The Empire State Building has officially transferred over to the nascent Empire State Realty Trust for $1.89 billion — a far cry from the $2.2 billion and more that investors such as Joseph Sitt and Rubin Schron offered for the iconic tower before it was packaged into the real estate investment trust.
The transfer was completed in three separate transactions, according to city records filed today. The sublease, which is controlled by Empire State Building Company, an entity majority-owned by the estate of Leona M. Helmsley, transferred to the REIT for $784.5 million. The REIT also shelled out $999.4 million for the master lease controlled by Empire State Building Associates, the entity that was formerly owned by more than 2,800 individual investors including the Malkin family.
And finally, the transfer included a $111 million fee ownership controlled by Empire State Land Associates – an entity owned by the ESBA. The city tax bill on the transactions? About $20.86 million, city records show.
The initial public offering forced investors to pay “for the privilege of getting them hundreds of millions of dollars less than they could have in the open market with virtually no costs,” said Jason Meister, a vice president at Avison Young and a vocal critic of the REIT.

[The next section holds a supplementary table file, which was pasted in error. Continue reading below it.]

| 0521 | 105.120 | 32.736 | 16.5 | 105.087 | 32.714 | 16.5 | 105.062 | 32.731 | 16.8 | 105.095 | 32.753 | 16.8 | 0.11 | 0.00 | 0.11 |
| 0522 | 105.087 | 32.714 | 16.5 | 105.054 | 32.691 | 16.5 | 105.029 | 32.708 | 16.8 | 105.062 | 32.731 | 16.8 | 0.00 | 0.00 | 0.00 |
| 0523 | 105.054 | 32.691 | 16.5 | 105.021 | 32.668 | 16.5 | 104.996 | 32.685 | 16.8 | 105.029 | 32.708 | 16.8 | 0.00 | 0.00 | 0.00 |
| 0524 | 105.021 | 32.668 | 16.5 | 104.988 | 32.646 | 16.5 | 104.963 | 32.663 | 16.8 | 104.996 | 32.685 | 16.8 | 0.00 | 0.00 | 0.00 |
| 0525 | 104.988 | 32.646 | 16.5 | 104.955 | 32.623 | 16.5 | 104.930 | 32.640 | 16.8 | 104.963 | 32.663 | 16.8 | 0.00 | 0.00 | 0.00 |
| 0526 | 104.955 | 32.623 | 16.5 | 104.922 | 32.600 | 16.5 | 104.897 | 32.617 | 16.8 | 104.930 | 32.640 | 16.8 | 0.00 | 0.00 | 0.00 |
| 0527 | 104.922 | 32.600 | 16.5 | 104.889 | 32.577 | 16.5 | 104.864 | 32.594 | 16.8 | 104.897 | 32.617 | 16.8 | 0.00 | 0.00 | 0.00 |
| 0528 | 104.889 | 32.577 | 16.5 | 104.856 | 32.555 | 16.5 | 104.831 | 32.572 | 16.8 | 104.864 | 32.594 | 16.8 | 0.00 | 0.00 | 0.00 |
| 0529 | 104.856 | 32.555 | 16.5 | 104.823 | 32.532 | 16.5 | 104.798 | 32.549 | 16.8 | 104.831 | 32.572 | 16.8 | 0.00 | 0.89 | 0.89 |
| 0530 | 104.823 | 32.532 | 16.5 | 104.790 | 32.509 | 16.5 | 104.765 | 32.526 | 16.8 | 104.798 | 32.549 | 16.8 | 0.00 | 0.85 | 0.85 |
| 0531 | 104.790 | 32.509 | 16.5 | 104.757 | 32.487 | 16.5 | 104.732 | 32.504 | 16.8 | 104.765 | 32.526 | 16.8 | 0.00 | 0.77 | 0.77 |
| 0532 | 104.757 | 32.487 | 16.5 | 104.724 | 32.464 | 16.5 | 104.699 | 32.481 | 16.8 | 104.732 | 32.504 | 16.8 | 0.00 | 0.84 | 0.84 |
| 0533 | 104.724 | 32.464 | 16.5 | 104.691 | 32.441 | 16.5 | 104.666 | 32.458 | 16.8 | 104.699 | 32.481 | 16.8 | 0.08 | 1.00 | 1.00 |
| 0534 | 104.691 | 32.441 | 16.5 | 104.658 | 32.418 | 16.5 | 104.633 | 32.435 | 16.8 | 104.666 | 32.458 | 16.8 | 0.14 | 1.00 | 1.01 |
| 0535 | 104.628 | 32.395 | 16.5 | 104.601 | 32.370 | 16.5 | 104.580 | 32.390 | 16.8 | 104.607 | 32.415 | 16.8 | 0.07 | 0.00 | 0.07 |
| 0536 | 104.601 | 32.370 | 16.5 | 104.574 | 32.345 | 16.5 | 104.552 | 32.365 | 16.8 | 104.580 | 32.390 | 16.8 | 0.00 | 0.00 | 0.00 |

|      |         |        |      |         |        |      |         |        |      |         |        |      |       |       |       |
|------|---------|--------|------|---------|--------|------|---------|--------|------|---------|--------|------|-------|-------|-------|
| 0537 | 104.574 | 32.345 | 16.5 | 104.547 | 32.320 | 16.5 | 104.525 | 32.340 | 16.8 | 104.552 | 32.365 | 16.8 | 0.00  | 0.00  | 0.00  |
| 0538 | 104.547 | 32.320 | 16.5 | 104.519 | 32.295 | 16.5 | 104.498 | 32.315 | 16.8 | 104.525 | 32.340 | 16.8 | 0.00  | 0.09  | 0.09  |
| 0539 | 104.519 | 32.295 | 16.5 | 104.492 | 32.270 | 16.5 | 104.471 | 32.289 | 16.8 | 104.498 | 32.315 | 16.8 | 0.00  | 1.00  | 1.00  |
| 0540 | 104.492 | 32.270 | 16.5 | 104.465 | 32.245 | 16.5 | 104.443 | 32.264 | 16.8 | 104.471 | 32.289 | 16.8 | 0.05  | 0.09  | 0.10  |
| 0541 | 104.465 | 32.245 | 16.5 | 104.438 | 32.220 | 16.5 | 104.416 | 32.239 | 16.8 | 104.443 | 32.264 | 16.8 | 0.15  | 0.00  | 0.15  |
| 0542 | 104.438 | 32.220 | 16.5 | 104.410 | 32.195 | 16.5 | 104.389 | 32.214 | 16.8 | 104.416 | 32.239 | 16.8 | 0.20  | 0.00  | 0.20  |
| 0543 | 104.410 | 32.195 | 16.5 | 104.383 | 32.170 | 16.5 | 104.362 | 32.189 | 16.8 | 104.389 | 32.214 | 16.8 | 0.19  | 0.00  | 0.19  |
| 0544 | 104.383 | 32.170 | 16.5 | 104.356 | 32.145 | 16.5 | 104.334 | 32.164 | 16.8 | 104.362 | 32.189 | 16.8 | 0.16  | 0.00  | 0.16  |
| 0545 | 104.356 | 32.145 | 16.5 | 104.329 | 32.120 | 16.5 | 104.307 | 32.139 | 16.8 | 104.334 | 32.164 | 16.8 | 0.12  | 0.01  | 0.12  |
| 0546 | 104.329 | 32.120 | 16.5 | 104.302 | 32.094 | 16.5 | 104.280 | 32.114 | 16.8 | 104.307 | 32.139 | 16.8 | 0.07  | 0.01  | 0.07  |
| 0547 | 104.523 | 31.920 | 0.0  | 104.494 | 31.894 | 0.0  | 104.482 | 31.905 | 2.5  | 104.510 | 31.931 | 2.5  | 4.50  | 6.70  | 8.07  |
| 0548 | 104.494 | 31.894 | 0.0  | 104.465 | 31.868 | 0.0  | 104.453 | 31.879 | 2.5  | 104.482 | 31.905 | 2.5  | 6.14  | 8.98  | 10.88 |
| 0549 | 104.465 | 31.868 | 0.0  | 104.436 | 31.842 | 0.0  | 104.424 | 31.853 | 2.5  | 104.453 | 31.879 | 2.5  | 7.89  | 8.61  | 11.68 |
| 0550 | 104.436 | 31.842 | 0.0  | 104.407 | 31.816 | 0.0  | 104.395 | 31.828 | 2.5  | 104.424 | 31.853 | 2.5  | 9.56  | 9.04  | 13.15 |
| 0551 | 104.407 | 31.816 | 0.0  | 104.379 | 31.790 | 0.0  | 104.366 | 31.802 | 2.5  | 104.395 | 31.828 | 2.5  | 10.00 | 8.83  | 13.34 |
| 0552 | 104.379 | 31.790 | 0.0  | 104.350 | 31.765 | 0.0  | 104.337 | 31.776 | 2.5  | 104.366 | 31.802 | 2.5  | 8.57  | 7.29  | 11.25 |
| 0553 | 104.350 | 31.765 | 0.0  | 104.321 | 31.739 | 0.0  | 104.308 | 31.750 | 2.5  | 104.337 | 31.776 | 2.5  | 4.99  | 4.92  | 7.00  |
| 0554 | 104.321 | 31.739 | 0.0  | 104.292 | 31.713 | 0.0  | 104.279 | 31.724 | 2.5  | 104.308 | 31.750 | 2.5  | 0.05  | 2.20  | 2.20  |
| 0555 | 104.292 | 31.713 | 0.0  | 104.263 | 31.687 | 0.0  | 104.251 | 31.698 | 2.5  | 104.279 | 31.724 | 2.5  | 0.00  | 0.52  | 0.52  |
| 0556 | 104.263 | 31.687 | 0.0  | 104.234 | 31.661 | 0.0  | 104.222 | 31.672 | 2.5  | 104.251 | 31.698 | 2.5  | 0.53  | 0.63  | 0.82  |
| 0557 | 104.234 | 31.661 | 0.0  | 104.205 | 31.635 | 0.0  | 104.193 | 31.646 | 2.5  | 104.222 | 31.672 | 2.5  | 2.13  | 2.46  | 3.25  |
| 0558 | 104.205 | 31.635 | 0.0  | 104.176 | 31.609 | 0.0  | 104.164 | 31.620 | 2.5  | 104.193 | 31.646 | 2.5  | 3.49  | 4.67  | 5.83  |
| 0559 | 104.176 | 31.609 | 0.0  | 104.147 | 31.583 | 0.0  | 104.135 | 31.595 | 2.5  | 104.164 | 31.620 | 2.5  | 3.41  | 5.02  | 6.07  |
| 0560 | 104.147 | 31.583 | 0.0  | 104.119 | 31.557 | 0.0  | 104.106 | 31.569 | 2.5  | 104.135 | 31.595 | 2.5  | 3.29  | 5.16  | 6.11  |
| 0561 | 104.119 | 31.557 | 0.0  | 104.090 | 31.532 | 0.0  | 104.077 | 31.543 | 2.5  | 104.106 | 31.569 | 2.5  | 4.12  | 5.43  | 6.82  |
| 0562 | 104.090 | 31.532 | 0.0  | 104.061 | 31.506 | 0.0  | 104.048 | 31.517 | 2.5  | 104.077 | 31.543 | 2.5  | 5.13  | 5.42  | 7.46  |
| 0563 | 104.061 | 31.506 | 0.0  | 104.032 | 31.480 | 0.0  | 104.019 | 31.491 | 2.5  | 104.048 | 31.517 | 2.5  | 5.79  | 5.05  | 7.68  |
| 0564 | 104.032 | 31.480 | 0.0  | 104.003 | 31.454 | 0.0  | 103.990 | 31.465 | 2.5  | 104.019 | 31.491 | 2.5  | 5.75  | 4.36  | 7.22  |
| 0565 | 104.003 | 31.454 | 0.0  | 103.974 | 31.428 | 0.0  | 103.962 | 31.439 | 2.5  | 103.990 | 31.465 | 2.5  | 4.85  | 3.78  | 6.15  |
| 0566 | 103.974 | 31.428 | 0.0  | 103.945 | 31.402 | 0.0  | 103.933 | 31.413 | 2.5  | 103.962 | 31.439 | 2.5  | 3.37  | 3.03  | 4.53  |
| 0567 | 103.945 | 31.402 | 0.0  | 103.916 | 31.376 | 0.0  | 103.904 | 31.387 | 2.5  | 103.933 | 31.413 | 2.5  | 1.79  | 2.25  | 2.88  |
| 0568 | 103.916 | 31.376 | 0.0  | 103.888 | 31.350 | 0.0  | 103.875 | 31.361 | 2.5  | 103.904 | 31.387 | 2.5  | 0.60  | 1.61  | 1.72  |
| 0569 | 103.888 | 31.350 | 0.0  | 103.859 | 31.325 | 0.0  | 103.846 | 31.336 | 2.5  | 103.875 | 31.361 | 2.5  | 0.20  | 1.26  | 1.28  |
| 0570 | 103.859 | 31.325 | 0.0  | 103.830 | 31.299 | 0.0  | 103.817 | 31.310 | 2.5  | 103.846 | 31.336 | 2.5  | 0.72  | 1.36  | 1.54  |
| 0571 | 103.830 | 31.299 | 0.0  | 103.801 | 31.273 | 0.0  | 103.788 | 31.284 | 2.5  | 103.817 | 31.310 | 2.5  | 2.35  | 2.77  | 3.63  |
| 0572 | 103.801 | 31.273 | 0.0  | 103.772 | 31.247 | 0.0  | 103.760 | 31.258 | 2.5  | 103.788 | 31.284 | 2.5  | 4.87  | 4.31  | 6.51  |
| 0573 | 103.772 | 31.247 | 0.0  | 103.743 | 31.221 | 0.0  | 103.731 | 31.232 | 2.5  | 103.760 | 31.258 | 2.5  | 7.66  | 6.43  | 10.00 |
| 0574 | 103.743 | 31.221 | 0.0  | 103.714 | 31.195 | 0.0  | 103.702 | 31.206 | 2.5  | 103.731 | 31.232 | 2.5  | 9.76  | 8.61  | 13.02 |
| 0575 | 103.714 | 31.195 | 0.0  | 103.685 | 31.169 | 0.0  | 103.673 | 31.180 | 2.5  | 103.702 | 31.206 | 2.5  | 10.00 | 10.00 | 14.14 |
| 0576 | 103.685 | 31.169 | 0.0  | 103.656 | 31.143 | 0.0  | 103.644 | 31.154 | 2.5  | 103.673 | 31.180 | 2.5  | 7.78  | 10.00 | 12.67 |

Meister, who represented Sitt and Schron, said he was not surprised by the sum, given that the REIT’s $13 share price was on the low end of estimates, and he said it cost $280 million to take the portfolio public.
Sitt’s last offer for the ESBA and the ESLA was $1.4 billion, a figure that Meister noted was “significantly higher than the value the public markets price them at.” Even Schron’s initial $2 billion offer for the entire tower was higher than the public valuation, Meister added.
However, Malkin Holdings said in a Sept. 19 filing with the U.S. Securities and Exchange Commission that Sitt’s $1.4 billion offer for the two entities was worth “materially less” to investors than what they would gain from the IPO. A spokesperson for Malkin Holdings declined to comment for this story.
Among other things, the offer, according to the Malkins, “obligates ESBA to pay down $300 million in debt and transfer taxes of up to $42 million” and “nullifies participants’ share of the class action settlement proceeds,” referring to the outside offers to buy the building.
To be sure, industry observers have commented that any sale of the building that occurred outside the IPO would see Malkin Holdings reap a huge commission, so the payoff to investors would not be as high as Meister indicated.
But it’s evident that the stock market has given the REIT a lukewarm reception, as The Real Deal reported. ESRT’s current share price is $13.71, a 5.5 percent increase from its opening price of $13 at the beginning of this month but still on the low end of a $13 to $15 share price estimate by analysts before the IPO.